Quest - Ask Questions And Get Answers With This Knowledge Messaging App

Quest is a new mobile question and answer app which seeks to help users connect to each other through knowledge.



Using the internet on your phone follows a question and answer mechanic. You ask a question to a search engine and it returns a list of answers. While search engines are getting better everyday when it comes to understanding context, they still are not very accurate when it comes to simple questions that you might encounter in your day to day life. One way to tackle this would be to make machine learning advanced and accurate.

The other way would be to use humans directly to power a search engine. There are many services online which already have been working on crowdsourcing answers and knowledge. Some of them are very popular like Quora, Ask.FM, etc. But can there be a way for people to use this kind of crowdsourced knowledge in an easier way keeping in mind the highly mobile nature of our Internet usage.

It seems there is. Quest is a new mobile question and answer app which seeks to help users connect to each other through knowledge. This is what’s being called Knowledge Messaging. Quest is available currently on Android and will be coming soon to iOS.

The premise of the app is very simple. You get a steady stream of questions that people on the app are asking and you can choose to answer them and thus help them out. In essence, the app is very similar to Jelly, another Q&A app that was launched a few weeks ago.

Quest sports a very modern design implementation. It has a slick flat interface and the app flow is smooth when it comes to usage. The app has very few core features and the minimal design makes a lot of sense.

When you sign up, the app verifies your phone number by automatically detecting the SMS it sends to your phone. You have to key in your name and add your preferences tags. Preferences can be anything like Sports, Food, Technology, etc. You will be asked to add at least 3 of these tags. Once you are done with this, your inbox will populate with questions being asked with those tags. When you ask a question, the app asks you to tag your question with the relevant category. You can also attach images to provide further context in addition to adding your location information. Furthermore, you can also direct your question to specific users in the network.

Quest_App_Android App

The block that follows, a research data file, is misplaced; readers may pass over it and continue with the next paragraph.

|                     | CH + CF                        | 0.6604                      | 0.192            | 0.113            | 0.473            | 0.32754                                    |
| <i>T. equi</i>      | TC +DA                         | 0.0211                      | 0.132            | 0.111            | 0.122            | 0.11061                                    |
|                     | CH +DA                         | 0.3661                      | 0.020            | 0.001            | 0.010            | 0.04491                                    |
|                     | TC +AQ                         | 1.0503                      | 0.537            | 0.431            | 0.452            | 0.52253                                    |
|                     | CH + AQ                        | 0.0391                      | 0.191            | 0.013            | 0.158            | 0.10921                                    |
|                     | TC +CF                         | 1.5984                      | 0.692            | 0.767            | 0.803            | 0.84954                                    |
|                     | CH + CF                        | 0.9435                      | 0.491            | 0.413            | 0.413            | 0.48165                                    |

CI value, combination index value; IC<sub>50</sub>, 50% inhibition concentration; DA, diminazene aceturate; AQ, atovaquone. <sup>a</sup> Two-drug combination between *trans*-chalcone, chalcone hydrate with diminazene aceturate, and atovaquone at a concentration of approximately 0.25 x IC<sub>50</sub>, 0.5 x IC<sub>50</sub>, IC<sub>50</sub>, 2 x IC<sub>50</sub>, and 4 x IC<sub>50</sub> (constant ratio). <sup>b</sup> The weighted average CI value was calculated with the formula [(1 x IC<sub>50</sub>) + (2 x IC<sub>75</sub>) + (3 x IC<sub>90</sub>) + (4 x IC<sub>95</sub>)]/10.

The app has 3 core sections:

1. Inbox: The Inbox is a feed where questions pertaining to your interests will appear. Glancing at the feed you can immediately tell what category a question belongs to, which location it is originating from and how many answers it has got.

2. Explore: This section is interesting because it overlays the questions on a Google Map, thus making it easier for you to search for interesting queries in and around your area, or in any location for that matter. These questions get overlayed on the map if someone geotags their questions.

3. Leaderboard: The leaderboard will show how you fare in the community of Questers. I am supposing this has something to do with the points you gain when you answer a question, something similar to Reddit’s Karma system. However, I could not actually see how it works for myself, since the app returned a blank screen. This attempt at gamification is a good thing because it will give users an incentive to answer more questions and thus have a standing in the community.

Quest App Android Inbox

Can the app be better?

While I was using the app, I did notice some activity on the app but it was not much. Maybe it has got to do with the categories I chose and the fact that this app has only launched recently and will take time to gain traction among users. Many queries seem to be originating from Bangalore.

I think Quest is a good app and can serve an important role today if used well and if it gets more users. It is comforting to get your answers from another human instead of an algorithm. One disadvantage about using Quest would be that you would have to wait till someone sees your questions and replies to it.  This could be difficult to get used to, due to our affinity for instant gratification. Another one would be the uncertainty about whether the answers provided by the users were accurate. I guess the app could introduce a system of votes to show a user which answers were more likely to be correct or relevant.

You should give it a try. Grab it on the Play Store and let us know what you think of it.